Two Jefferson County Public Schools are getting some help in the fight against childhood obesity.
A $200,000 grant announced Wednesday will help local nonprofit groups The Food Literacy Project and New Roots establish programs in Wellington Elementary and Hazelwood Elementary to educate students and their families about the benefits of a healthy diet, said Alice Bridges, vice president of Healthy Communities for KentuckyOne Health.
The programs will also help the students find where to purchase fresh produce and what to do with it once they’ve found it, Bridges said.
Farm-to-Family Obesity Prevention Initiatives will be developed at both schools using the funds. The initiatives will include after school programs and workshops for students and their families and farm-based learning field trips to Oxmoor Farms, Bridges said.
The initiatives will allow students first through fourth grades to conduct field studies and year-long multi-visit experiences to an outdoor classroom at Oxmoor Farm, according to a news release. The students will grow, cook and market their produce to learn more about the process food takes from the field to the plate.
Both Wellington Elementary and Hazelwood Elementary are located in designated food deserts, Bridges said—which means the residents of those neighborhoods don’t have nearby access to fresh produce.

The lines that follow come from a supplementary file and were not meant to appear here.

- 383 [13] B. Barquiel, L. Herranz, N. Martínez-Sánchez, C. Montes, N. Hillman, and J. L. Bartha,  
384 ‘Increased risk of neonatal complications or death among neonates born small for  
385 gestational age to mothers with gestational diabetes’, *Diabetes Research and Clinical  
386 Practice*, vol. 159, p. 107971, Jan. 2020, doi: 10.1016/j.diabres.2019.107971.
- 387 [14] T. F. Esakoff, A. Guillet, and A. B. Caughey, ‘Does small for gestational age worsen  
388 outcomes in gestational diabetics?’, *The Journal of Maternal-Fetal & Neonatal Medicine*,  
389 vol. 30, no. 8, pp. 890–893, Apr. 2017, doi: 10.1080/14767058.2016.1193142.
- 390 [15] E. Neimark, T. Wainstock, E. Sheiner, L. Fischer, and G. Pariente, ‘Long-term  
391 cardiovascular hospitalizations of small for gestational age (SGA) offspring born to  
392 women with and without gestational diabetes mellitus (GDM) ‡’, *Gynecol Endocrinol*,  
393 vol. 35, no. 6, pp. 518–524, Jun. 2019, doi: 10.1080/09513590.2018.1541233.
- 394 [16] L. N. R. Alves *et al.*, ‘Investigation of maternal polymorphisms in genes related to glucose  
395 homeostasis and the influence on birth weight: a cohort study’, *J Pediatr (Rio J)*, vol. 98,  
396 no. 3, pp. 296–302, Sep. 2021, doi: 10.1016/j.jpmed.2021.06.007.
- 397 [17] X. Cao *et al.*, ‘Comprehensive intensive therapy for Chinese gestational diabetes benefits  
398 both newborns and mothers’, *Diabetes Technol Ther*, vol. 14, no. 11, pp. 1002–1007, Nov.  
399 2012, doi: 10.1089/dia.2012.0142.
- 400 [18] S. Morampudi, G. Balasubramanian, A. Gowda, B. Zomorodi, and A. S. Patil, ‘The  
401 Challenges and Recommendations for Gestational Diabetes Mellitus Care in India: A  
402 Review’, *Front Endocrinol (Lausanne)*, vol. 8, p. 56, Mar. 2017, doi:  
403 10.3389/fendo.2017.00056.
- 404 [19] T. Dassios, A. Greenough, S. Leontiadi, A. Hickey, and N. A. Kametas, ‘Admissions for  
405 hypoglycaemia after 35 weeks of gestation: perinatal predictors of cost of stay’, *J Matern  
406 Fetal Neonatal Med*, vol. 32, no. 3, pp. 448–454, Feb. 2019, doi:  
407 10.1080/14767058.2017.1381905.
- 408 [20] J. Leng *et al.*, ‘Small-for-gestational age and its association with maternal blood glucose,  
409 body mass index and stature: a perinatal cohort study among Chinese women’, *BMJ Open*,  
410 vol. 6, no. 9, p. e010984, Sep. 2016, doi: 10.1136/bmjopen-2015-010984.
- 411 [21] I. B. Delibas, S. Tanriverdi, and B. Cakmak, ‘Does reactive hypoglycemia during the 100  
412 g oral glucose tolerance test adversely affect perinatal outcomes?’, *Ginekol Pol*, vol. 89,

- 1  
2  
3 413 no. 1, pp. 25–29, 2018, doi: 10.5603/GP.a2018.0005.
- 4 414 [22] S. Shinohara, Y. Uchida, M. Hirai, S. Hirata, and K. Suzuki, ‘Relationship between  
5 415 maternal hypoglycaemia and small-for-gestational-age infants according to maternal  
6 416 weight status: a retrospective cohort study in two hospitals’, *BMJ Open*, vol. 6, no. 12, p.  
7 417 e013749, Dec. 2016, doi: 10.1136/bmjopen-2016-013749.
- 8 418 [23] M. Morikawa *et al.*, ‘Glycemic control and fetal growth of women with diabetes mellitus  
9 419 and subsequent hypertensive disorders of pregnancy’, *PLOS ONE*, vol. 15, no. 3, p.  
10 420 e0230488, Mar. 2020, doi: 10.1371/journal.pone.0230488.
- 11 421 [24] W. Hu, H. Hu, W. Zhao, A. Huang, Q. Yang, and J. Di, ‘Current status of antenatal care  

About 95 percent of students at Hazelwood Elementary, located in south Louisville, take part in free or reduced meal plans, according to JCPS data. Of the 471 students enrolled at Hazelwood, 19 percent are considered to be obese, according to information provided by KentuckyOne Health.
At Wellington Elementary, in southwest Louisville, about 80 percent of students are on free or reduced meal plans, according to Jefferson County Public School data. About 23 percent of Wellington’s 493 students are obese, according to information provided by KentuckyOne Health.
“We are grateful for this engaging, hands-on opportunity for our students,” said Bonnie Ciarroccki, coordinator of health services and health promotions for JCPS.
Just more than 20 percent of Kentucky children are obese, according to the Centers for Disease Control.
And as WFPL has previously reported, obesity—specifically obesity in high school students—is a major issue in Kentucky. The state has the highest percentage of obese high school students in the U.S., according to a recent report.
“Our goal is to help children be the change agent within their own families and improve their knowledge of fresh food—where it comes from, how to incorporate it in their daily diet and want it,” Bridges said.